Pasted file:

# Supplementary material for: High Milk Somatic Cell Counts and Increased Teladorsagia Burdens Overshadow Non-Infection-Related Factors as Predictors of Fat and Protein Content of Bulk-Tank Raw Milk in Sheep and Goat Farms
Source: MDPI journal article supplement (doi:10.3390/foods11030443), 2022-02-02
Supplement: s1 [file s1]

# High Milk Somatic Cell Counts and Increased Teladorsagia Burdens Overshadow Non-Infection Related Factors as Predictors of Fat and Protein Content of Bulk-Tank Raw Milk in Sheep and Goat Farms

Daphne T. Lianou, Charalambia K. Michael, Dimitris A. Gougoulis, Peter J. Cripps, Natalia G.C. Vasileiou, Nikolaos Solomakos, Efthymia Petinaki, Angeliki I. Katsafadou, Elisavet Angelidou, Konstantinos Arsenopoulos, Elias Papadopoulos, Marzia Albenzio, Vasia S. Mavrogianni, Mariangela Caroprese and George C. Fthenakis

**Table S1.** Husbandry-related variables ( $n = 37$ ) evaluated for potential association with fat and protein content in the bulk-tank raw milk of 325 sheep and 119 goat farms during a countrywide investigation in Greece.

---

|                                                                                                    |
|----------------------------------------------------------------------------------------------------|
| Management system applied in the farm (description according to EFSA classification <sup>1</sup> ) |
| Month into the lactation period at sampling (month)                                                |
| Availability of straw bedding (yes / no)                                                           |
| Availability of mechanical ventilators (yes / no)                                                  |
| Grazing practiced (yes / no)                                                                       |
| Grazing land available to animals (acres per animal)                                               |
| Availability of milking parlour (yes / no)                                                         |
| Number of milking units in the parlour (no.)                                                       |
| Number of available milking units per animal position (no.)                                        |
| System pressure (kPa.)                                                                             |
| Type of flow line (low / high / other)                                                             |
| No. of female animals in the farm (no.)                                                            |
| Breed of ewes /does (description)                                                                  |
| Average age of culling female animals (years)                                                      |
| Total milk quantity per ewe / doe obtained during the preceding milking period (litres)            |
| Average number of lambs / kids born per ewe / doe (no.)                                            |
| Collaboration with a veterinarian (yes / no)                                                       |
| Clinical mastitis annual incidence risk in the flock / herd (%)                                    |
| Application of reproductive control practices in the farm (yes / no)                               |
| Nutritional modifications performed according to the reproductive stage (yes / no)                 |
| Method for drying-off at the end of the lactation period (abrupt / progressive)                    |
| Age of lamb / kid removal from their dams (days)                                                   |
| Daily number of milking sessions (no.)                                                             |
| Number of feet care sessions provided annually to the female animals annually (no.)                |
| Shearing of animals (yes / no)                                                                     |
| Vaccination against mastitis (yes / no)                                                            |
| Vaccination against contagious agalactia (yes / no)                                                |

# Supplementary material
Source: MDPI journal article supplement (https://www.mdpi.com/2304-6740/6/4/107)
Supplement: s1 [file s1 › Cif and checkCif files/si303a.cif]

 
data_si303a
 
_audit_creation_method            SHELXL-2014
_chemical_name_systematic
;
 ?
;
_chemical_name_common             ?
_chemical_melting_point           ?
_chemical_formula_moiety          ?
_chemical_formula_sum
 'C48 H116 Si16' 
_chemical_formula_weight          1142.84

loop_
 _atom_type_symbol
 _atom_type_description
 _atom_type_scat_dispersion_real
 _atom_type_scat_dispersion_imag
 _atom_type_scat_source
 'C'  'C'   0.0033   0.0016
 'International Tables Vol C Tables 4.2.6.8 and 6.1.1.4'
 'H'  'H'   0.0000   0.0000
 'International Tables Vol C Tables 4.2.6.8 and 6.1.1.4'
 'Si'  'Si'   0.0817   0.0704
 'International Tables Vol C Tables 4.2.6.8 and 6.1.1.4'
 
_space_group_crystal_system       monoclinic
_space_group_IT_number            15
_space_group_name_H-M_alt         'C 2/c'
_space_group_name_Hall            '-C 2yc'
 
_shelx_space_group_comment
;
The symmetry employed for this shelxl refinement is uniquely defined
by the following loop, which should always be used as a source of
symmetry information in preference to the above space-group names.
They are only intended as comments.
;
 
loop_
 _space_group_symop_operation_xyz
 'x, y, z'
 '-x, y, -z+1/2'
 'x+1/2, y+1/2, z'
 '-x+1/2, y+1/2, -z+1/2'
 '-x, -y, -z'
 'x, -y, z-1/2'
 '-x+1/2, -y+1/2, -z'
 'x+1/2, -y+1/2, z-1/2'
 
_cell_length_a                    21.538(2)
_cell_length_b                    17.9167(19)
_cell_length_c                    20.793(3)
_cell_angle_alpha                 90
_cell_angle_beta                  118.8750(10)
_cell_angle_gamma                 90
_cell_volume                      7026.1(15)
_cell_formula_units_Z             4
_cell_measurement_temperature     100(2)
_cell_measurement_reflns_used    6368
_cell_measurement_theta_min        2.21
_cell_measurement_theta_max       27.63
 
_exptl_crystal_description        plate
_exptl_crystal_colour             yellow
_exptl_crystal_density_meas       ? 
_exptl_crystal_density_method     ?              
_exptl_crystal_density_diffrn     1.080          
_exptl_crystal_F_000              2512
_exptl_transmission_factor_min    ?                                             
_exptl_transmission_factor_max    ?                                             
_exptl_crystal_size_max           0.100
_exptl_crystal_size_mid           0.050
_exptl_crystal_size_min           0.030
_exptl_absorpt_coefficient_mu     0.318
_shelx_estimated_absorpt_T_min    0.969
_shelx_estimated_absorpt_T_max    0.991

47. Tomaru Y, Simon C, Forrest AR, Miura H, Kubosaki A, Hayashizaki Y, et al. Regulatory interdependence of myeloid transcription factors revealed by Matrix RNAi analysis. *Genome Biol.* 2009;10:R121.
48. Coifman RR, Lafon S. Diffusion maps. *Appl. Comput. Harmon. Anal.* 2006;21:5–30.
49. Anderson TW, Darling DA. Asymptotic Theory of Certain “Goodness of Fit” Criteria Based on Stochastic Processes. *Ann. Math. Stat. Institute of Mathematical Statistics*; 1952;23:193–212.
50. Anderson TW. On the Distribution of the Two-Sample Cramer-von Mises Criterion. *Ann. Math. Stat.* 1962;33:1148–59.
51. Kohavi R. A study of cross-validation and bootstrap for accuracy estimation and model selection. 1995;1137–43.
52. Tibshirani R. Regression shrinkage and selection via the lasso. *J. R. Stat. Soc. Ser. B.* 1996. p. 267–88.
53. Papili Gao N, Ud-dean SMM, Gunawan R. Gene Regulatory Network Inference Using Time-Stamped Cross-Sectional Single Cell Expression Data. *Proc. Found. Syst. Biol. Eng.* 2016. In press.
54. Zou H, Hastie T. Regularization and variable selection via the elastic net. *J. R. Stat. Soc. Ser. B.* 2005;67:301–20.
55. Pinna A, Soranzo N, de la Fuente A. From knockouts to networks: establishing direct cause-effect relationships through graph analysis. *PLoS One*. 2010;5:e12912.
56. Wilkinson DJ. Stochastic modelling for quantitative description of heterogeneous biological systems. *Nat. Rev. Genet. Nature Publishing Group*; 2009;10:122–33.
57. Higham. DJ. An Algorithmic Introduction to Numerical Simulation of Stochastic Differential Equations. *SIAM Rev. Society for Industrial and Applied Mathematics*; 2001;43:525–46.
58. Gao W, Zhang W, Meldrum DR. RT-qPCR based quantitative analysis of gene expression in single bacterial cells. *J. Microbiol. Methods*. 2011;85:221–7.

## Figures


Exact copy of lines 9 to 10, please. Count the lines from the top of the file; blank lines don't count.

|----------------------------------------------------------------------------------------------------|
| Management system applied in the farm (description according to EFSA classification <sup>1</sup> ) |